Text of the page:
Many an able bodied seaman in the 18th century, found themselves to be no match for the unpredictable weather of the Atlantic. One moment the seas would be calm, the next, swells and gales could swallow a ship whole like a whale swallowing a minnow. For one vessel, the ‘Speedwell’, leaving Charleston for New Orleans, somehow found themselves sinking in the Bahama Channel. With 23 lives onboard, they managed to get into two side boats. When one side boat sank, they all ended up in one. Lost at sea from the 16th of October, they finally made it to New Providence on the 30th. It was noted that they made it to New Providence just in time as they had run out of liquor. They had been mixing the liquor along with some fresh water and salt water for all 23 people.

Here is the account of the terrible adventure.

NASSAU (N.P.) November 3, 1797

The following narrative is handed to the Printer by the late master of the Ship Speedwell.

“The Ship Speedwell, at Charleston, John Brownlow Master, bound for New Orleans, foundered on the 16th of the last month [May 1798] in the Bahama Channel, Lat. 24 D. 30 Min. occasion by the starting of a butt. Saved the long boat and jolly boat, but lost the yawl along-side when first hoisted out: 23 people got into the two boats, and left the ship about 11 o’clock at night, only a few minutes before she went down.

The next day, having fair weather and light breeze from the Westward, steered up for the Bamini [Bimini] Keys, but owing to a strong current from the Northward, could not reach them.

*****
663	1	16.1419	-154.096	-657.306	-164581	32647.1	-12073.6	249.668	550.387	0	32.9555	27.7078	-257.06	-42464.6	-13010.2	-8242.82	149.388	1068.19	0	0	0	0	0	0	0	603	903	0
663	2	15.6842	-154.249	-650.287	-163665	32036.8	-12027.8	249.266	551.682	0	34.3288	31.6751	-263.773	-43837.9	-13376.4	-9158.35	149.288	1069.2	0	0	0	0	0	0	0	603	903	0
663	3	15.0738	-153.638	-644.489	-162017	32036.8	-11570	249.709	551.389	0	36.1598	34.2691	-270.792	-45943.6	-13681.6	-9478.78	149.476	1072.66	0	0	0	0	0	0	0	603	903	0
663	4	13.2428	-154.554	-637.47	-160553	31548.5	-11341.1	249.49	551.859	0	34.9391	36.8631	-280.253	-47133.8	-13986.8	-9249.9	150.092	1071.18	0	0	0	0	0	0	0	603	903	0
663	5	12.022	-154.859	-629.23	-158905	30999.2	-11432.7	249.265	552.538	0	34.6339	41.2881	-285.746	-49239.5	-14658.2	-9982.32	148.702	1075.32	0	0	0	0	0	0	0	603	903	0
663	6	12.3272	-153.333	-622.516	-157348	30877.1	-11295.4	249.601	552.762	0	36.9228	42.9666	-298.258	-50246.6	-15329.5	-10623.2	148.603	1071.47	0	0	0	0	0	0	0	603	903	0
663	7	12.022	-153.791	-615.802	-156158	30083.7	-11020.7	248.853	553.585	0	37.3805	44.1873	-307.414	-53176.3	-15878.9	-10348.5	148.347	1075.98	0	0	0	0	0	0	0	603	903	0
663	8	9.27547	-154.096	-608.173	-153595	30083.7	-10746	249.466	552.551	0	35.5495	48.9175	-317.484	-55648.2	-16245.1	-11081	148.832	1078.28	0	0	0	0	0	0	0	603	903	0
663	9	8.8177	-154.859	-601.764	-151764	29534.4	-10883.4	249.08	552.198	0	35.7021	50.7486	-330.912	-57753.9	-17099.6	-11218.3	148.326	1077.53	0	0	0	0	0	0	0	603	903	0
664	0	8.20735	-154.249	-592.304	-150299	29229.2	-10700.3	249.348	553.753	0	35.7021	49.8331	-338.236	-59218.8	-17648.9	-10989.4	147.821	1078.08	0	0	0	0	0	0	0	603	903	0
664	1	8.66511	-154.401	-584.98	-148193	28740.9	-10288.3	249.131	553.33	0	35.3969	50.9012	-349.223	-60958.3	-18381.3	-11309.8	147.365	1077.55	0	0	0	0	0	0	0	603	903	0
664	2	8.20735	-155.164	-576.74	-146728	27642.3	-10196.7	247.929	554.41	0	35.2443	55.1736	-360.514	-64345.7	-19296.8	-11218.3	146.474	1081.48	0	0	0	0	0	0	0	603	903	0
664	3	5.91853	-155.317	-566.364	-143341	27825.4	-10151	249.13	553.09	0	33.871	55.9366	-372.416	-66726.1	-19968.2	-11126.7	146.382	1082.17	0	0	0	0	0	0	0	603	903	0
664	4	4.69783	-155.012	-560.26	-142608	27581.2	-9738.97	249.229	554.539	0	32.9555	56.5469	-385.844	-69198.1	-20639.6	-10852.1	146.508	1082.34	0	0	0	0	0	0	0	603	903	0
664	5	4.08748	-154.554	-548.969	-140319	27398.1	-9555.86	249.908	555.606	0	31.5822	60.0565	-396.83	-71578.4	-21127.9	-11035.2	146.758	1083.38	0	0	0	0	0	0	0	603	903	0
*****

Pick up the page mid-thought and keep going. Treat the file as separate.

In the night of the 17th a severe gale came on from the Southward, which drove us through the Channel; as, for the safety of the boats, we were obliged to keep them before the wind.

On the 18th the jolly boat foundered it but fortunately being to leeward of the longboat, the people were taken up. Our whole number in the long boat was now 23 of whom three women, and two children; and our whole flock of provisions consisted of one third of a bottle of bread, a few pounds of cheese and about 10 gallons of Lipka the greater part of why and spirits.

In this situation we were driven in a very heavy Gail on the 19th 20th and 21st as far as the Northwood as latitude 31 and much to the Eastwood.

On the 21st, the wind shifting to the Northwood we steered for Bahama, and on the 26th (the 10th day after leaving the ship) got to the Keys to the Westward of the Bahama, we will fortunately found good water and some four oranges, which afforded us great relief as liquor was just out, although we allowed only a gill to each a day, part of which was water, for we used to mix the bottle of wine, one of fresh water and one of salt water, for a company per day. The only food we got on the Keys was for small conchs and a few crabs, which we were obliged to eat raw. On the 28th set for set off for New Providence, and on the 30th at eight in the evening, most providentially arrived in Nassau harbour, having during a voyage lost only two men, one of whom was drove overboard in a gale of wind by an oar with which was he was steering; the other perished with thirst, and was committed to the waves a few hours before we made the land. During the whole period, from my leaving the ship till we made New Providence, we never saw one vessel of any kind.”